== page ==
LONDON — Veteran British explorer Ranulph Fiennes was being evacuated from Antarctica on Wednesday, days after he reluctantly pulled out of a polar expedition team because of severe frostbite.
The team hopes to complete what it describes as the first attempt by anyone to travel nearly 4,000 kilometers (2,500 miles) across the continent during winter, when temperatures average minus 60 Celsius (minus 76 Fahrenheit) and can drop to almost minus 90 Celcius. The five other members of the expedition, dubbed "The Coldest Journey," will continue without Fiennes.
The 68-year-old Fiennes, who in 2009 became the oldest person to climb to the summit of Mount Everest, began his long journey back to England early Wednesday, his team said in a statement.
The explorer said he was "not happy at all" as he bid goodbye to his fellow explorers. He had to abandon the polar challenge because he suffered frostbite injuries to four fingers on his left hand after he briefly removed a glove to fix his ski equipment, the team said.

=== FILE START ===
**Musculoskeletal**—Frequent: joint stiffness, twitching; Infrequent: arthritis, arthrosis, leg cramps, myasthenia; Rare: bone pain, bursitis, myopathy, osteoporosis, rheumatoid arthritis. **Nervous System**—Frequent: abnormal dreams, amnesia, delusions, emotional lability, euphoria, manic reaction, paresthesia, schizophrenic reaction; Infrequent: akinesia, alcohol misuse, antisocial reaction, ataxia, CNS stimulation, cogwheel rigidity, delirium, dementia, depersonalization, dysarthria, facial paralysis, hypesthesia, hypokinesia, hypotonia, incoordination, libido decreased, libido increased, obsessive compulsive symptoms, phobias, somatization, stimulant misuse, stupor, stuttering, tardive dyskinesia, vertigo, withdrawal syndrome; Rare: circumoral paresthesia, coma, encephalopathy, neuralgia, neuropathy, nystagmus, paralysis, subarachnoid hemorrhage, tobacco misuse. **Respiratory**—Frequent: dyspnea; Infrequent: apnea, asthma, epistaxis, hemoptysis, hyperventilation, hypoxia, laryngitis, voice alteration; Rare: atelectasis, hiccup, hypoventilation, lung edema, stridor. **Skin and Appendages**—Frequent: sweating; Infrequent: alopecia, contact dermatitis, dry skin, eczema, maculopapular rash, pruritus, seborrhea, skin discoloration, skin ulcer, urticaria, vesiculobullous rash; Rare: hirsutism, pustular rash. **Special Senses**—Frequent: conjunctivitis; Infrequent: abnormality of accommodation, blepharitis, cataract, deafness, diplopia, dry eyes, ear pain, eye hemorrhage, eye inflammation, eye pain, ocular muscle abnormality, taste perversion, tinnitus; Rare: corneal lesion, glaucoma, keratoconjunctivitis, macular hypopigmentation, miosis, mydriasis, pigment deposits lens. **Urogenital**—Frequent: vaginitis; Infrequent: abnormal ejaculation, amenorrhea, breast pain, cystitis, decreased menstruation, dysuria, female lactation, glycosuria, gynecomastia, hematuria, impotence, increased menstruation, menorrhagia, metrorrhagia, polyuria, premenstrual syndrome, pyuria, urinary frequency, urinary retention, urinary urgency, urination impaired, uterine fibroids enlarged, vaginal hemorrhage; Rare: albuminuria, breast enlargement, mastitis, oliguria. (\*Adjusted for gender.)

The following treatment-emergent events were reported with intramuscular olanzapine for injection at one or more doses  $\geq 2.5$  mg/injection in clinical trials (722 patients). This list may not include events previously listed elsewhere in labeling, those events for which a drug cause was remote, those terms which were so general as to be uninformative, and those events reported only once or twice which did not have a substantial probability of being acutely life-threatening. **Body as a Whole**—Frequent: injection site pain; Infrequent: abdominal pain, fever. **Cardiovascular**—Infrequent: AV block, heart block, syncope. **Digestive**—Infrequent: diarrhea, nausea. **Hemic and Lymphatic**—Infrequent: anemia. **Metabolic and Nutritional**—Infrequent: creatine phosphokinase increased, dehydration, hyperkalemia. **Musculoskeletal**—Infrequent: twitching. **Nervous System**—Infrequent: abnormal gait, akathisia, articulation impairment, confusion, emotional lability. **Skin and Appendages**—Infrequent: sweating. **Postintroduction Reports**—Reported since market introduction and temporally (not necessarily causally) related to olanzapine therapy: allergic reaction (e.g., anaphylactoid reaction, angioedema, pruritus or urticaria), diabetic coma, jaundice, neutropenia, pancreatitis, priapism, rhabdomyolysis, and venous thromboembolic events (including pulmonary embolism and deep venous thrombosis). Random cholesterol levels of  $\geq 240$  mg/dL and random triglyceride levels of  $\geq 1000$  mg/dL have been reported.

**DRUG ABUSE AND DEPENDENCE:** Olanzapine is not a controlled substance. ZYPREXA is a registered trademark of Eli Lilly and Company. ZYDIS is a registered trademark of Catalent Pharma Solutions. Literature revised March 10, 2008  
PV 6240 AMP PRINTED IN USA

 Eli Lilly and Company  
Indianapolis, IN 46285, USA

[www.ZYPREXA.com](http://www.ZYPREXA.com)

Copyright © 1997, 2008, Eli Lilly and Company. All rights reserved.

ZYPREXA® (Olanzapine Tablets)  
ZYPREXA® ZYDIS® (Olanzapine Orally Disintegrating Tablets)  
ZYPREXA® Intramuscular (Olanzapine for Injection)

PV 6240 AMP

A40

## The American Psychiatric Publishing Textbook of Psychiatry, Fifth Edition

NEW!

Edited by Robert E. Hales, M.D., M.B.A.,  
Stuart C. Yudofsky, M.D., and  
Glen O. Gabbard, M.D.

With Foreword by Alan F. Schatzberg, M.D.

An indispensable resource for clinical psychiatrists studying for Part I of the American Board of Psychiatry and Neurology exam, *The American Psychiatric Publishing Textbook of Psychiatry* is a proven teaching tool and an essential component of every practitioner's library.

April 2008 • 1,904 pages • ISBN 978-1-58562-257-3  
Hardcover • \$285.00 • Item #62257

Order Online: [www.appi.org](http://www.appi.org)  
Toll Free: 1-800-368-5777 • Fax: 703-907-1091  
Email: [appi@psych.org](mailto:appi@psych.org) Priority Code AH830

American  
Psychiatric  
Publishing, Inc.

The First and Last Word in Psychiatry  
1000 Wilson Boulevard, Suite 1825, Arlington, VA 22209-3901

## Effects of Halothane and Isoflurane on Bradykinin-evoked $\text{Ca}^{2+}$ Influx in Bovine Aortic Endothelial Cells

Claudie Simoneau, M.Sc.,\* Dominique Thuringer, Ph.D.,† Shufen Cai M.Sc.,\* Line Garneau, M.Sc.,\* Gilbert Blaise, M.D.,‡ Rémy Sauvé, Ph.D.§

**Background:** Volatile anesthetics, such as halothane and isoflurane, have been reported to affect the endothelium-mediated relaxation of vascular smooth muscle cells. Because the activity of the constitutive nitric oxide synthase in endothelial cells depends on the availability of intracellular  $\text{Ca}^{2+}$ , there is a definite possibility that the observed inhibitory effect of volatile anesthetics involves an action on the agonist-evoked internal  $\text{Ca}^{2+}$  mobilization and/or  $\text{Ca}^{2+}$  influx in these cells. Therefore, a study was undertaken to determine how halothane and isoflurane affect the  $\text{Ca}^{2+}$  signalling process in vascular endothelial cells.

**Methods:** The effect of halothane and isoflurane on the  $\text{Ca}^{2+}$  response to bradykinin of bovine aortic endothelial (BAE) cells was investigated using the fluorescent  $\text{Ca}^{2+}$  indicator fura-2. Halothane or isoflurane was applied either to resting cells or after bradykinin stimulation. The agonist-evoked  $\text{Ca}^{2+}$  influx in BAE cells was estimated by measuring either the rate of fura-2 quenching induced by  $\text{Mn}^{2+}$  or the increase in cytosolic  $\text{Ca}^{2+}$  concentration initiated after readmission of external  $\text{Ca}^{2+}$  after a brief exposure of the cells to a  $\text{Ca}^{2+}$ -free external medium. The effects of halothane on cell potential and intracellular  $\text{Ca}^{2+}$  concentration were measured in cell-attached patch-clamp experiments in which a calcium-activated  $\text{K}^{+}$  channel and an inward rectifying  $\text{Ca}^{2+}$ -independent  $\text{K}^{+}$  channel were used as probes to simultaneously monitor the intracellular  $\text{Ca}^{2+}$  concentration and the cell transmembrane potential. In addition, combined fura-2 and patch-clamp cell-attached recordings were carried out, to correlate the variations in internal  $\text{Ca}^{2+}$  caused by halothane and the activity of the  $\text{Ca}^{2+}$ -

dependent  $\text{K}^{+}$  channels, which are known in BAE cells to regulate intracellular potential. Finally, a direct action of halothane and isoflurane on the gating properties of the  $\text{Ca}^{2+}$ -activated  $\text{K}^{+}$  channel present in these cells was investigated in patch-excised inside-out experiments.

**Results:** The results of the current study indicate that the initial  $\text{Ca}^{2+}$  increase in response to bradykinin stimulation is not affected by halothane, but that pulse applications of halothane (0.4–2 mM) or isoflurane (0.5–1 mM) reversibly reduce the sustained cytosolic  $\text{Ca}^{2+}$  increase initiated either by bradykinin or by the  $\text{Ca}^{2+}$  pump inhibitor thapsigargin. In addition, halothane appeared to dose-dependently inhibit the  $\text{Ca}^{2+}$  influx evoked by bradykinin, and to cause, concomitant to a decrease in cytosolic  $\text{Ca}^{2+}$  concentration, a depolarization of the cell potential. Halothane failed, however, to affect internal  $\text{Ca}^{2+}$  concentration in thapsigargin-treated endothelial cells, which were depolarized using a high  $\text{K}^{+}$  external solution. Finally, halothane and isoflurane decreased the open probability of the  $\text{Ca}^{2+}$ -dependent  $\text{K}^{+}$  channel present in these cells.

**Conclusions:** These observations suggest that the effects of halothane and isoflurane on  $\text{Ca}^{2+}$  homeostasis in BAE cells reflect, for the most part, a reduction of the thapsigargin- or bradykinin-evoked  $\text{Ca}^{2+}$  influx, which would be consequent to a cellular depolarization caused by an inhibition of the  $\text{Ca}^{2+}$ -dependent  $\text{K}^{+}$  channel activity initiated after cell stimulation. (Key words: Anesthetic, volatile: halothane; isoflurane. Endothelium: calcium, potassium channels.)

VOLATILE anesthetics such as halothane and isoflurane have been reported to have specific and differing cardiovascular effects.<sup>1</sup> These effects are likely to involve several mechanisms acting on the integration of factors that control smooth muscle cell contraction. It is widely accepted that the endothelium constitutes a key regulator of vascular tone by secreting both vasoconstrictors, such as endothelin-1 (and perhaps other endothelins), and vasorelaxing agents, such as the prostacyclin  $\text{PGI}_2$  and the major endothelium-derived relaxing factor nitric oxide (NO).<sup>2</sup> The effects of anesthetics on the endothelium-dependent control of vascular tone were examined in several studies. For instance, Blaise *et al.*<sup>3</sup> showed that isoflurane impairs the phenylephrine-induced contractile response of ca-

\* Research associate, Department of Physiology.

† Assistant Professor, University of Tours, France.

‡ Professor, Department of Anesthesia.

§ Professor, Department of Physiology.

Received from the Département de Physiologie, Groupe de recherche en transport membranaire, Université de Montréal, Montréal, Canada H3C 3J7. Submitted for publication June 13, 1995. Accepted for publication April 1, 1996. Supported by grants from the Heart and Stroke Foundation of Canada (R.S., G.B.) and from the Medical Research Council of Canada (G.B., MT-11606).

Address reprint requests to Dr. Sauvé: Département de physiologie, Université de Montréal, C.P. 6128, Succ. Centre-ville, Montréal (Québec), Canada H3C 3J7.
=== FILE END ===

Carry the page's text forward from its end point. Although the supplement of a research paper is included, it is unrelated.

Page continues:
"As with all frostbite, it is still too early to determine the full extent of the injury," said Robert Lambert, the team doctor. "However treatment is progressing well, and Ran (Fiennes) is bearing up with his usual fortitude and good cheer."
A Belgian team took advantage of a break in a snow storm and transported him to Princess Elisabeth Station, from where he will be airlifted to Novo, a Russian-run Antarctic research station. The team hopes that Fiennes could then fly from there to Cape Town, South Africa, late Wednesday.
The remaining members of the team plan to set off from Crown Bay in Antarctica on March 21, and begin crossing the continent. The journey is expected to take six months, mostly in complete darkness.
The adventurers will travel on skis and be followed by two tractors pulling cabooses used for scientific work, accommodation and storage. The tractors also pull fuel designed not to freeze in the extreme temperatures.
The expedition is trying to raise $10 million for the charity Seeing is Believing, which seeks to prevent blindness.
"It is now only a few hours since we said our difficult farewells, but we are already moving south and are poised to gain the polar plateau," said Brian Newham, a manager of the expedition. "Onwards."